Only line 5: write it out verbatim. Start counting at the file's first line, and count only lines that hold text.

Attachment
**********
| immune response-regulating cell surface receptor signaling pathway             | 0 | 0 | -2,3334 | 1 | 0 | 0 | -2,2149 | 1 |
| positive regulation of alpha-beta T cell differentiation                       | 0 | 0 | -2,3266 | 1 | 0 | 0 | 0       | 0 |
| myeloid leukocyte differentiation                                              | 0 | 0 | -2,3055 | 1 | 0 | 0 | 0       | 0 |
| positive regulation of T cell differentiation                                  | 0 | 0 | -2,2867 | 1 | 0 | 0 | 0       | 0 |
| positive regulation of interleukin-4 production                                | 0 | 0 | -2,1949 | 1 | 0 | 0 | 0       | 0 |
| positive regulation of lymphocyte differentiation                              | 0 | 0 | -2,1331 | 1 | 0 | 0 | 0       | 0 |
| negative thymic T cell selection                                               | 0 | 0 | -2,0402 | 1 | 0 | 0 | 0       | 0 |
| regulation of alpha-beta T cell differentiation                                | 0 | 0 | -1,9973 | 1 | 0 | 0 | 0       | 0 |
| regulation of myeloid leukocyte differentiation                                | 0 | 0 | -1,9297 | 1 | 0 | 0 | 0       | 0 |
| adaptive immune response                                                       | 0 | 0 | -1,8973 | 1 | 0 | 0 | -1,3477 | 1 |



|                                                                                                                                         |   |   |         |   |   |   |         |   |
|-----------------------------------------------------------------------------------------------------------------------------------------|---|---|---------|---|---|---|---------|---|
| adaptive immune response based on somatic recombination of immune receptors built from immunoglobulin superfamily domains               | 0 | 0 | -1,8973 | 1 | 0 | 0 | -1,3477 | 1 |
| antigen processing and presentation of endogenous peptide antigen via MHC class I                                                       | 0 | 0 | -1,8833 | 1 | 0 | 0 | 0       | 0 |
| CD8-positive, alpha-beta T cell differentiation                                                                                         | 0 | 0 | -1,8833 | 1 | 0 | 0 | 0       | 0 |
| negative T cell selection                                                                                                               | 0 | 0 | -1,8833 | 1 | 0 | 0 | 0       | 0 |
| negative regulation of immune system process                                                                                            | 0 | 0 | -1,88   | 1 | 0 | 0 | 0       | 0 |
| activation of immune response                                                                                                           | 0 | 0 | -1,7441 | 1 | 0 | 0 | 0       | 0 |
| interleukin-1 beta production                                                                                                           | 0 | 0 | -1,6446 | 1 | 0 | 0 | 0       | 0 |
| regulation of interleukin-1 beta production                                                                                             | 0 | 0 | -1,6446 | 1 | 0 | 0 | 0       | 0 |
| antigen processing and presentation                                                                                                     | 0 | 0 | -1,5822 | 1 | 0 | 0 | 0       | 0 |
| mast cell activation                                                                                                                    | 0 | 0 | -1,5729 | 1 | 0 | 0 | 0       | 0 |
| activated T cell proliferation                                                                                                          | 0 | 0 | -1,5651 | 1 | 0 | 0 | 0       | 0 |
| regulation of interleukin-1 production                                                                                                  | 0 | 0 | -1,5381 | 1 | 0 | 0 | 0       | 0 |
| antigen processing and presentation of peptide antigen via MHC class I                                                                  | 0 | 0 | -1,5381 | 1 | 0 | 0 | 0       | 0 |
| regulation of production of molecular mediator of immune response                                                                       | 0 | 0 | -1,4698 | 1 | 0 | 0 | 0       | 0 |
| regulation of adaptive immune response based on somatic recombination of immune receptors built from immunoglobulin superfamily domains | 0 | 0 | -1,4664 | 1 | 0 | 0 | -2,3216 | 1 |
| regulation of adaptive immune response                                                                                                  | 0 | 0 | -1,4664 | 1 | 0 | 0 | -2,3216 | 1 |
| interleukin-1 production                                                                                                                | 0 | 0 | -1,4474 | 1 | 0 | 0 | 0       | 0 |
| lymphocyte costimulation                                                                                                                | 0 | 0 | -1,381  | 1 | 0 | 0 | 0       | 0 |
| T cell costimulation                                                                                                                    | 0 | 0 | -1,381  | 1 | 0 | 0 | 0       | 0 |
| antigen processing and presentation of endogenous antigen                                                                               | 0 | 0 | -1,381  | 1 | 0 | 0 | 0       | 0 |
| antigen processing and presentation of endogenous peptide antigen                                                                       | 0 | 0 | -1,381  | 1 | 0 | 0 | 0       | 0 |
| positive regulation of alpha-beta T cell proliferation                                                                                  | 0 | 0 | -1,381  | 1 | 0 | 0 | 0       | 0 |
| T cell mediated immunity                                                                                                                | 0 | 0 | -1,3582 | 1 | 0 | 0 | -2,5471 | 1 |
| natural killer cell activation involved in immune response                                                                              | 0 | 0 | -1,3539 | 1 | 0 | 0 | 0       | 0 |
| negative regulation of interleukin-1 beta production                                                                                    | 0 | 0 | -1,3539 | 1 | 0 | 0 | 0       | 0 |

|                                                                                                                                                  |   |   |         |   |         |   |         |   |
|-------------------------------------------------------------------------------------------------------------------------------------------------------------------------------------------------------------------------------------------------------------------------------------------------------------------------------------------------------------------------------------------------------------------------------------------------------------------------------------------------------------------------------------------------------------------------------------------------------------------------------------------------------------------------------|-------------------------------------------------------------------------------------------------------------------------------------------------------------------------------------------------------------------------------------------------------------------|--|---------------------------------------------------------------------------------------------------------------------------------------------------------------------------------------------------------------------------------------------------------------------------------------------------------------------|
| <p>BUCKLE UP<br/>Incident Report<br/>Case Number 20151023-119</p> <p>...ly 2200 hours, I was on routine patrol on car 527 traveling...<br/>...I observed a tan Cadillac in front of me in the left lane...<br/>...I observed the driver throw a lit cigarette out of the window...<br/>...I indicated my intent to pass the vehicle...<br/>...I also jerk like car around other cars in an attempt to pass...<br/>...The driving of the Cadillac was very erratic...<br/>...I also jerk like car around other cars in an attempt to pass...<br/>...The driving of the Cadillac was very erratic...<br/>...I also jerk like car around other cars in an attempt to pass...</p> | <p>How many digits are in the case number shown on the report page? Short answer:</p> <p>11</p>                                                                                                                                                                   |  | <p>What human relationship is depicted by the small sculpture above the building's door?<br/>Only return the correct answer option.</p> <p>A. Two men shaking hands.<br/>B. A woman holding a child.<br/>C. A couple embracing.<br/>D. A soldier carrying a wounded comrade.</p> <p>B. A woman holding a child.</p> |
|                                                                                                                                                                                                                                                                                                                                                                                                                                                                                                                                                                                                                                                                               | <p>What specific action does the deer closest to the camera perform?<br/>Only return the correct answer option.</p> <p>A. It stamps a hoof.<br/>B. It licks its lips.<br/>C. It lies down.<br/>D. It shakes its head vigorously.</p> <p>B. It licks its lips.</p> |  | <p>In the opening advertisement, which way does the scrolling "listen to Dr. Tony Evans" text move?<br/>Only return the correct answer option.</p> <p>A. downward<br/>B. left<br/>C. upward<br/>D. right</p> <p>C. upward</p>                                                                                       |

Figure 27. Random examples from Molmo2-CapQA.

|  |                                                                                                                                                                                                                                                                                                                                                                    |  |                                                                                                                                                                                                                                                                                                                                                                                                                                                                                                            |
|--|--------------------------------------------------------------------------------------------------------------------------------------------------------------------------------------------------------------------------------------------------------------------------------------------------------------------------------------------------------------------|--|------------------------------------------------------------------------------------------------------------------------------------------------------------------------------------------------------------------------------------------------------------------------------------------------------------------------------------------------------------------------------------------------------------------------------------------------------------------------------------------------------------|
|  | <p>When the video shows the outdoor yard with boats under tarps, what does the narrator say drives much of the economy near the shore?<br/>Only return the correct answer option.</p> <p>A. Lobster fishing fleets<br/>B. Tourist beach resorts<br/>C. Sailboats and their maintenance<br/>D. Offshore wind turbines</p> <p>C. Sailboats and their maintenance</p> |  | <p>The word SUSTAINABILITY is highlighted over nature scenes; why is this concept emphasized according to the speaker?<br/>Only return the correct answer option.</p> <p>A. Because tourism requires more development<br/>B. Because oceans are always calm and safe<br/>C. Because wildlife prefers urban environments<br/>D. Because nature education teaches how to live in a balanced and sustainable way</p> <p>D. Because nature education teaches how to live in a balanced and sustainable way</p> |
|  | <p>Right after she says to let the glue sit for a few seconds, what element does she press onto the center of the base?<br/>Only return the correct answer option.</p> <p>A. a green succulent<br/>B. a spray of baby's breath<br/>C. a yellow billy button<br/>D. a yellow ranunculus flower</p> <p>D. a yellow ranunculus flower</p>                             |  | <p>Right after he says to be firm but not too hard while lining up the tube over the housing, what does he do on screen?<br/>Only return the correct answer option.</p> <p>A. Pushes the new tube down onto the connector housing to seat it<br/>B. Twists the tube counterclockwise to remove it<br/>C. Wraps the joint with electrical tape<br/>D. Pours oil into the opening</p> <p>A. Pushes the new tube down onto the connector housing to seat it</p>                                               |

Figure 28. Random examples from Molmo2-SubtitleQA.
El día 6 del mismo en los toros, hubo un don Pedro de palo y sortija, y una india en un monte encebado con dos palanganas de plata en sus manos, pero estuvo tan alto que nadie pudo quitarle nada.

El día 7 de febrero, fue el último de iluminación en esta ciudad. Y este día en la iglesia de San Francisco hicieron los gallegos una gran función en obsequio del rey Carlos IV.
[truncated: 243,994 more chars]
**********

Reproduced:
| positive regulation of interleukin-4 production                                | 0 | 0 | -2,1949 | 1 | 0 | 0 | 0       | 0 |